Lasting nearly three minutes, it was the most powerful recorded earthquake in U.S. and North American history, and the second most powerful ever measured by seismograph. It had a magnitude of 9.2, making it the second largest earthquake in recorded history.
This great earthquake and ensuing tsunami took 128 lives (tsunami 113, earthquake 15), and caused about $311 million in property loss. Earthquake effects were heavy in many towns, including Anchorage, Chitina, Glennallen, Homer, Hope, Kasilof, Kenai, Kodiak, Moose Pass, Portage, Seldovia, Seward, Sterling, Valdez, Wasilla, and Whittier.

(via Historic Earthquakes)

On this day in 1964, the largest earthquake in Alaska began at 5:36 in the evening. Across south-central Alaska, ground fissures, collapsing structures, and tsunamis were unleashed.

Lasting nearly three minutes, it was the most powerful recorded earthquake in U.S. and North American history, and the second most powerful ever measured by seismograph. It had a magnitude of 9.2, making it the second largest earthquake in recorded history.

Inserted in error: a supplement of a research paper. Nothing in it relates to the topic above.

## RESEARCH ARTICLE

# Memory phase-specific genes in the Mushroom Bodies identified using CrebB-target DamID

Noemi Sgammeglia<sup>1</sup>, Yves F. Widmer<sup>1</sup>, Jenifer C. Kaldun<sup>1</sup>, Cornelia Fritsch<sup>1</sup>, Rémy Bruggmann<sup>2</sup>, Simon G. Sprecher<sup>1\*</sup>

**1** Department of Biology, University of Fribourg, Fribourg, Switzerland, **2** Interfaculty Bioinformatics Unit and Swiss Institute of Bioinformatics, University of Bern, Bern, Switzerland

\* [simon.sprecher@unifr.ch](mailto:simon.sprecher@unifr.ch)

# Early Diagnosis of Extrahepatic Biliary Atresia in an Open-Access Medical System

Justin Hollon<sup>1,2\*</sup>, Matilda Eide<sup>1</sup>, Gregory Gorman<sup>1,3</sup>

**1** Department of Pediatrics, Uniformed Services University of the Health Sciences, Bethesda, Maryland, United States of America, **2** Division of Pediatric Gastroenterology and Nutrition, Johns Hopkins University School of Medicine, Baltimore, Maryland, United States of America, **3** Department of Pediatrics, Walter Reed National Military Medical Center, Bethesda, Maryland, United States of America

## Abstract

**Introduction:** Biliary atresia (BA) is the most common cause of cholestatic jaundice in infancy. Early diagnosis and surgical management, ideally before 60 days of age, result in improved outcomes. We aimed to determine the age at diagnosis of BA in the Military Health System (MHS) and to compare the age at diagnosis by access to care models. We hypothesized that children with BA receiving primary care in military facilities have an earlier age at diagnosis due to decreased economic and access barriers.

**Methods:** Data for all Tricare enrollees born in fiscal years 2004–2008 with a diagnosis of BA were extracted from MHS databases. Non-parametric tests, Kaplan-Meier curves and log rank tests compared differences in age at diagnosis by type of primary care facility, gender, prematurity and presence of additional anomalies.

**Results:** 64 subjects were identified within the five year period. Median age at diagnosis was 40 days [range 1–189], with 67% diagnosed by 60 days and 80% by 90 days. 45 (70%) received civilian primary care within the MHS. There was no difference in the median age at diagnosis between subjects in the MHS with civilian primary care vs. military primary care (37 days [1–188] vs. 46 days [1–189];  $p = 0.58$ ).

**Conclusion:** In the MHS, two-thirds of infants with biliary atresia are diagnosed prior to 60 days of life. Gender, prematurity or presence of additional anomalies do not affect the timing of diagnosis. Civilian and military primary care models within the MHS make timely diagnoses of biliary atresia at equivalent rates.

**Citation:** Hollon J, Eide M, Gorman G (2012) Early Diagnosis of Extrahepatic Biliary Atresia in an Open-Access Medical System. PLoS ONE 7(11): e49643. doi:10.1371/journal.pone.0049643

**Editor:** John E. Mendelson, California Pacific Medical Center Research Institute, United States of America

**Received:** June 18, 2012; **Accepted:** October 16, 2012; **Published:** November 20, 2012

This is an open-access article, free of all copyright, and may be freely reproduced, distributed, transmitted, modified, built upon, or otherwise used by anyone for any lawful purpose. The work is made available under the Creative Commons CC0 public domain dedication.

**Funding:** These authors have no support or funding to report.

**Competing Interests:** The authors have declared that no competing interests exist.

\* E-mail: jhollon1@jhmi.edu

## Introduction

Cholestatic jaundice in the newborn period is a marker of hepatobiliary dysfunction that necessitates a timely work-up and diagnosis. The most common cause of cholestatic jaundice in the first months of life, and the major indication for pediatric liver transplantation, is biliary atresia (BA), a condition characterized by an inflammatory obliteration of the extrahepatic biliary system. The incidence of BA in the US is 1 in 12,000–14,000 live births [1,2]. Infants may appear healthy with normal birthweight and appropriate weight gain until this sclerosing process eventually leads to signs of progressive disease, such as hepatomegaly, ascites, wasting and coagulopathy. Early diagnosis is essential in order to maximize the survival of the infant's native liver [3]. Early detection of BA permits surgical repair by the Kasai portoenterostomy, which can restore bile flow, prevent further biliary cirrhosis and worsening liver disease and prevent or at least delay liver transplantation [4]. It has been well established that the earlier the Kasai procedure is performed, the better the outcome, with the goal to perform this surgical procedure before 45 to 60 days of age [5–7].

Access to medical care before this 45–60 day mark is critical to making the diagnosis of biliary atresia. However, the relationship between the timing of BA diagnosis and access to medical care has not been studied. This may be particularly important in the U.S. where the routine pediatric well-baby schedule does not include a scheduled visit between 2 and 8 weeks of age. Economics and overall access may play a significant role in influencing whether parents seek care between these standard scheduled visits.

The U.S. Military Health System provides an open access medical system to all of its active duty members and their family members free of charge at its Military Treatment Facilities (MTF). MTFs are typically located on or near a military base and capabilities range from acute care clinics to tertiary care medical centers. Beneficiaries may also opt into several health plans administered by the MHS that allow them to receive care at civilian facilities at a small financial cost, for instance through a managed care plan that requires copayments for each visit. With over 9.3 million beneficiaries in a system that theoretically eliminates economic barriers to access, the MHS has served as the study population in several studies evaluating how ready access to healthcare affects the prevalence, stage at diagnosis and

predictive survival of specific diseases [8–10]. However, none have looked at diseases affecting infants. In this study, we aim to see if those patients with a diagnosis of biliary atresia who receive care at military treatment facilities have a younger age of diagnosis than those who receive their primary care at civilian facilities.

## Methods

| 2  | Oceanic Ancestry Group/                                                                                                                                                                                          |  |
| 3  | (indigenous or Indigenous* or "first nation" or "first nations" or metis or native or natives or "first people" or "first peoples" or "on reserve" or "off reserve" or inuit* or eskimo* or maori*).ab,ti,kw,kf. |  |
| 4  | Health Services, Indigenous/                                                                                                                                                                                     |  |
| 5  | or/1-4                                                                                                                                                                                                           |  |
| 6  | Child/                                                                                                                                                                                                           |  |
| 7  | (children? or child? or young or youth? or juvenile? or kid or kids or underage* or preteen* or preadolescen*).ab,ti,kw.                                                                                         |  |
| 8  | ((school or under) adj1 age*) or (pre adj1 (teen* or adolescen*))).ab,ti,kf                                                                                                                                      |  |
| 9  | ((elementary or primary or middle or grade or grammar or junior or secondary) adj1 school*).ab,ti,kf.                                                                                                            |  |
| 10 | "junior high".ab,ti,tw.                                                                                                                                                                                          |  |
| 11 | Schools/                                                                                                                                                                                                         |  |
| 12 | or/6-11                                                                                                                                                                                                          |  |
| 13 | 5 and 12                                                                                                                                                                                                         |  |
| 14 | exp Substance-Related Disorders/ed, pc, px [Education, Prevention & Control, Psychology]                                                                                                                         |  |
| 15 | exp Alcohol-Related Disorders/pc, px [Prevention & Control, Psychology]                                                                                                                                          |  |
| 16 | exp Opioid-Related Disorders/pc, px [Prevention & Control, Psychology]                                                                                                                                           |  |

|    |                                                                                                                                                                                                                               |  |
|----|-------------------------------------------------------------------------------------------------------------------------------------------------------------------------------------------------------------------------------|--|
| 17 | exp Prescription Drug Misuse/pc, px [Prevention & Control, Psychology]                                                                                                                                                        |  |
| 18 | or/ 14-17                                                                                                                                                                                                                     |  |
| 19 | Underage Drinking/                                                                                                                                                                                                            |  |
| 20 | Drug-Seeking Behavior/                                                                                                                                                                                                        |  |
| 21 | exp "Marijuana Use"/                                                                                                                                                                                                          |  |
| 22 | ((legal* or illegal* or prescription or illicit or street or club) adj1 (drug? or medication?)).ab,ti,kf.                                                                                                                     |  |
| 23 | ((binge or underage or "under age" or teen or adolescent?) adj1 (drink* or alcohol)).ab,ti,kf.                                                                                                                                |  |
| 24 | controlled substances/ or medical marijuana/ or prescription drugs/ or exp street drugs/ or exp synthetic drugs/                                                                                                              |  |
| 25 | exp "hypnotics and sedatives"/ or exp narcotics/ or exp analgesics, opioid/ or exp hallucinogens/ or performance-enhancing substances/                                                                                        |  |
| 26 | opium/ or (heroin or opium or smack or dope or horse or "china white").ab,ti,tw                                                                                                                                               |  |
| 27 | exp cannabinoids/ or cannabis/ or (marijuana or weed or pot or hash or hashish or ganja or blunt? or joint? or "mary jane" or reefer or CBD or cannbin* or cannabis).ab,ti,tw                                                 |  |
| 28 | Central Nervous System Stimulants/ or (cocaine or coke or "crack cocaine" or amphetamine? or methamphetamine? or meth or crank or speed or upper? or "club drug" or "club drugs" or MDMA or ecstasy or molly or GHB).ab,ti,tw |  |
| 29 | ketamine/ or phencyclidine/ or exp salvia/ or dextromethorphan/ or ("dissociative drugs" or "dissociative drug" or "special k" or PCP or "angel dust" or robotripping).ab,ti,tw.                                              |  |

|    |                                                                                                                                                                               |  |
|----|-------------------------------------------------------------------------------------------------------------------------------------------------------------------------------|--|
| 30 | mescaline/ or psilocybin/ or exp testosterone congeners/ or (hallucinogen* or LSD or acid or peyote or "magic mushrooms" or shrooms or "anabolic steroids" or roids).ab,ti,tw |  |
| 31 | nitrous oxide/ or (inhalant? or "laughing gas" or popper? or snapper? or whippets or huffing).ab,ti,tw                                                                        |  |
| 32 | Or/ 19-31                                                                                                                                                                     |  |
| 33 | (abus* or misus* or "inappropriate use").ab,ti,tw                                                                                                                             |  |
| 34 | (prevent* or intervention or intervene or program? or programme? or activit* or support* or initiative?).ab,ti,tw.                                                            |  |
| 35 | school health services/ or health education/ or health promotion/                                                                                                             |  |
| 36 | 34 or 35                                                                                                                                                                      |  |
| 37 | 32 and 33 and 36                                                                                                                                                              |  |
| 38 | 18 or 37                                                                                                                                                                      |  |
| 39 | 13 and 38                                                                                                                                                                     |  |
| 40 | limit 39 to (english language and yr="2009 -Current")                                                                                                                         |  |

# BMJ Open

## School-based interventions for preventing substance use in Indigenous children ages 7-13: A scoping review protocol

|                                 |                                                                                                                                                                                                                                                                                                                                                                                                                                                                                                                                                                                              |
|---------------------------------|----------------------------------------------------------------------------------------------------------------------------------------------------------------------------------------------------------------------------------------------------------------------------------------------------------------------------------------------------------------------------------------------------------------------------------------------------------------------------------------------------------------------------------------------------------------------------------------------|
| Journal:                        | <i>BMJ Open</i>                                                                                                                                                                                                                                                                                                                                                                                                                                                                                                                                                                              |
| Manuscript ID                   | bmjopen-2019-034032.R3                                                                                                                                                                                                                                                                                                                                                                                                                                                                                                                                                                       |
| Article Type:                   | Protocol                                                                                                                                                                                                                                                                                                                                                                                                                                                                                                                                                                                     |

This great earthquake and ensuing tsunami took 128 lives (tsunami 113, earthquake 15), and caused about $311 million in property loss. Earthquake effects were heavy in many towns, including Anchorage, Chitina, Glennallen, Homer, Hope, Kasilof, Kenai, Kodiak, Moose Pass, Portage, Seldovia, Seward, Sterling, Valdez, Wasilla, and Whittier.

(via Historic Earthquakes)

It’s been almost 30 years since the mammoth tusks on display in our Gallery of Alaska were prepared. Our Operations Manager Kevin May kept this story from the Fairbanks Daily-News Miner from the days before online archiving.

This is the tiny diary kept by Harry Karstens during the successful 1913 expedition to the summit of Denali. This first ascent is the subject of our next special exhibit, Denali Legacy: 100 Years on the Mountain. We’ll be displaying the journals of most of the five men who made it to the top of the tallest mountain in North America.

The trip began in March 1913 and the group summited in June. Karstens went on to become the first superintendent of Mount McKinley National Park (now known as Denali National Park).